Presets are limiting creativity
The style is way more than your editing. The style is the way you compose a shot, your unique eye is what the photo ends up being. The preset or the editing that you do in post serves to keep your work looking consistent across the board and it might also have a style. Presets allow your photos to have a certain vibe in a certain field not just because of the editing you do but mostly because of the actual shoot. So preset is a spice that you put in the dish for consistency and the creativity pops in making that dish. Overall editing just enforces the style you are aiming at in advance.
First and foremost presets are not free because preset developers spend a lot of time making these unique looks that you can apply to your image with one click. However, the price variety does not certainly reflect the quality of these presets and does not guarantee that it will make your photo look great. You need to feel what preset will make your photo look better and not the opposite which comes with experience only. Therefore, do not rush to spend a large amount of money, because there is no guarantee that you will not just waste it. It is better to start with some cheap presets and try to improve them yourself through the editing panel and color settings. Once you have the necessary skills and ability to distinguish the necessary presets from the unnecessary you will be able to make the right decisions with a trained eye.
Do professional photographers use presets?
To resume all the said as we can see there are a lot of arguments for and against presets, but the main point here is to not make presets to be your only way of editing. Some photographers prefer to do manual presets to create their own unique style and consistency in the photos they take. However, having large numbers of photos may force you to speed up your workflow and when you have so much job to be done it means that you already have the experience to adjust your ready-made presets on the fly.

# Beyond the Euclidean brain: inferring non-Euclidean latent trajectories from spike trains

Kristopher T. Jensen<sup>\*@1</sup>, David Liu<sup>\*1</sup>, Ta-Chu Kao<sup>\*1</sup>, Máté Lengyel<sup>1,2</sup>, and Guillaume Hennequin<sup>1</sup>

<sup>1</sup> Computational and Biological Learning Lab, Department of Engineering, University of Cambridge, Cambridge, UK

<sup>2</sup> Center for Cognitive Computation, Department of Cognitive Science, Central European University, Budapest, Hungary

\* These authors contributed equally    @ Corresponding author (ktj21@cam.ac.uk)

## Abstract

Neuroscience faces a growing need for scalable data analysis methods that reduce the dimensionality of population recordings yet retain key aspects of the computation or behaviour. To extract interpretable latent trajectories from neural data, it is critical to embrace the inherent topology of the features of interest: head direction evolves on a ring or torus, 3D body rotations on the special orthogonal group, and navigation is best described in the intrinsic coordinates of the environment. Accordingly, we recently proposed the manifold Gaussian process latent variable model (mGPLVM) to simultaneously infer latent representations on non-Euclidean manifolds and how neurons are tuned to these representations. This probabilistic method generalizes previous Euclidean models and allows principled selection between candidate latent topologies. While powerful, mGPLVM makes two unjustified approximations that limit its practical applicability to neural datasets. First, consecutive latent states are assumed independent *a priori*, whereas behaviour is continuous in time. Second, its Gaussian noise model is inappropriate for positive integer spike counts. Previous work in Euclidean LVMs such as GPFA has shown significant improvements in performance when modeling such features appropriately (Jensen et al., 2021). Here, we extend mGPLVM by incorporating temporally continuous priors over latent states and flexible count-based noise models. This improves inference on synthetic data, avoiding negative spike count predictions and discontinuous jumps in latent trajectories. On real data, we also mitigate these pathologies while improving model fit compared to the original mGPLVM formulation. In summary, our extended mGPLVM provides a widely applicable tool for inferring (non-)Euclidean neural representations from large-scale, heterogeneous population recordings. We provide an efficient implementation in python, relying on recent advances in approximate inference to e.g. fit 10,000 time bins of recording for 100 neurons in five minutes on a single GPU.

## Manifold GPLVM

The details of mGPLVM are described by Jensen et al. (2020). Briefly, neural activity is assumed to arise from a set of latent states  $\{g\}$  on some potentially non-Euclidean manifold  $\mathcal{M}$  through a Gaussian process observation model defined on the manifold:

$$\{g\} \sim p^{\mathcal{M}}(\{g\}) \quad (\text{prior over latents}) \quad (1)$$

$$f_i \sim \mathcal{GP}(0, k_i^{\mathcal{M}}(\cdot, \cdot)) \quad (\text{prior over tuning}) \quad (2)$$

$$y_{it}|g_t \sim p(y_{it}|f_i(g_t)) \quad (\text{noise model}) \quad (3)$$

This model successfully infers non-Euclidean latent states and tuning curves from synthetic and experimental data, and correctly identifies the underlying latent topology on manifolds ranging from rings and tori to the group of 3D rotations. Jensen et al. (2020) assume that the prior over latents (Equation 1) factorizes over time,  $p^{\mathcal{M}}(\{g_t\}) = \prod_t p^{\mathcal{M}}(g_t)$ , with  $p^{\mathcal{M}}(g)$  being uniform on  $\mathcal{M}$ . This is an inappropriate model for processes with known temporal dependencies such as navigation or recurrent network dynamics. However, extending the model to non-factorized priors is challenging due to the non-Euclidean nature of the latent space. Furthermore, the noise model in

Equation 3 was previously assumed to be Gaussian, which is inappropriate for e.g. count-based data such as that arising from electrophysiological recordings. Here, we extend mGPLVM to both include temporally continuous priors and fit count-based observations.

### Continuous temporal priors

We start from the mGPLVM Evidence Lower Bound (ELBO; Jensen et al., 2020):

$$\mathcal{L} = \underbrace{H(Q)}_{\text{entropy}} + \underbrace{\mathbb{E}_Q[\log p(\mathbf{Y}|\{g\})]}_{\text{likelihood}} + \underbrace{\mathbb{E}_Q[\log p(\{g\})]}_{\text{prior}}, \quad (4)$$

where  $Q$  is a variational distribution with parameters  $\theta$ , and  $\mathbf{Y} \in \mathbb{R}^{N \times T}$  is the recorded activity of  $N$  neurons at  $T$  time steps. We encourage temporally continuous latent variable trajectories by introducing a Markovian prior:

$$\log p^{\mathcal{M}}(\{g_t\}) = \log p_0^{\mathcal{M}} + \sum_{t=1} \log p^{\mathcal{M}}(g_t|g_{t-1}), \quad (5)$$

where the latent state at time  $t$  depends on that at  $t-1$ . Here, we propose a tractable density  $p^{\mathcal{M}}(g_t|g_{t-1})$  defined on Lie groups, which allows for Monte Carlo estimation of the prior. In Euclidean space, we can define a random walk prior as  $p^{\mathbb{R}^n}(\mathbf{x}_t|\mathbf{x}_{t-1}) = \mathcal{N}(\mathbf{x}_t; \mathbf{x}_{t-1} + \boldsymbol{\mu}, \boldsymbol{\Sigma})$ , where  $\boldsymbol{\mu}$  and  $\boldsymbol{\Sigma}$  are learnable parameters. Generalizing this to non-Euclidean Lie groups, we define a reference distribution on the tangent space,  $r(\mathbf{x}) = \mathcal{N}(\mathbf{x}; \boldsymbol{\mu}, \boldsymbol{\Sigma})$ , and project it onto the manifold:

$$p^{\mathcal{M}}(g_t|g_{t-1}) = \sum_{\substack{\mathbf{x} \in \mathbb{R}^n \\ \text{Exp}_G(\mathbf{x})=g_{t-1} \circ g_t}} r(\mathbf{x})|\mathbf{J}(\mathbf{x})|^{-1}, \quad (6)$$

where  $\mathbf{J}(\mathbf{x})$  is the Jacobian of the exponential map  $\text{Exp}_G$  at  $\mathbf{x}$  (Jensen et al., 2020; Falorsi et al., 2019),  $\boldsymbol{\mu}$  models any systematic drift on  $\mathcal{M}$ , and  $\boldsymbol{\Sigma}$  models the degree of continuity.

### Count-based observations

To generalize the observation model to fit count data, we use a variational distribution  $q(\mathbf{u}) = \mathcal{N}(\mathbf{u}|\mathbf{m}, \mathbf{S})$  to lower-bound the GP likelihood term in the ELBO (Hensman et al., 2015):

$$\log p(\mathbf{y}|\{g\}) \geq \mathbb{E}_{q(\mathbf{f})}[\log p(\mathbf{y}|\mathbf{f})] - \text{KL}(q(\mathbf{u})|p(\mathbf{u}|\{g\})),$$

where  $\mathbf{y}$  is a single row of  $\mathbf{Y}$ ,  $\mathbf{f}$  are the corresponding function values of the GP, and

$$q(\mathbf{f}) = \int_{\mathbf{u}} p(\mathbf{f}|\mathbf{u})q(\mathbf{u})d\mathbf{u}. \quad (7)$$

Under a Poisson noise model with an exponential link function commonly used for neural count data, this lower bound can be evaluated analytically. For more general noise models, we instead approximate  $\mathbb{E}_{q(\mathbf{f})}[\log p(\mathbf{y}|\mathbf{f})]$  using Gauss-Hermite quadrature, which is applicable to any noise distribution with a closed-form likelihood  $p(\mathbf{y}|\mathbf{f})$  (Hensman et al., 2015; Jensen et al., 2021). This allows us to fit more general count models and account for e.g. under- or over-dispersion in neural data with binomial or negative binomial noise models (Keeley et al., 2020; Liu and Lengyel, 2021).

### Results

So, if you still wonder do photographers use presets, yes they do because this is an efficient way to get the job done. Most photography newcomers use them when it comes down to editing. As a beginner, you have no editing skills developed yet, presets can help you to improve your photos but at the same time instill bad habits. That is why many photographers say that you should not use presets at all and imply that it is better to learn by watching tutorials and starting from zero. The fair point about this is that there are just 2 different learning curves. You can use preconfigured settings to break down its core into pieces and learn that way, or you can go without having any samples and start making it from the same pieces that were just broken apart beforehand. So, it is a matter of choice in the end. Thus, if your goal to get a success in photography it is recommended to learn manual editing first instead of using ready presets. However, do not go bad if you use preset because most photographers use them and if they would not, they are doing a lot of extra work that they do not need to be doing. Choose the most convenient way for yourself that is what is important in the end.
Therefore, presets are good to learn about what your images could look like. Use them as a tool and make them your starting point which you are going to implement your own decision on to enforce your unique style of shooting.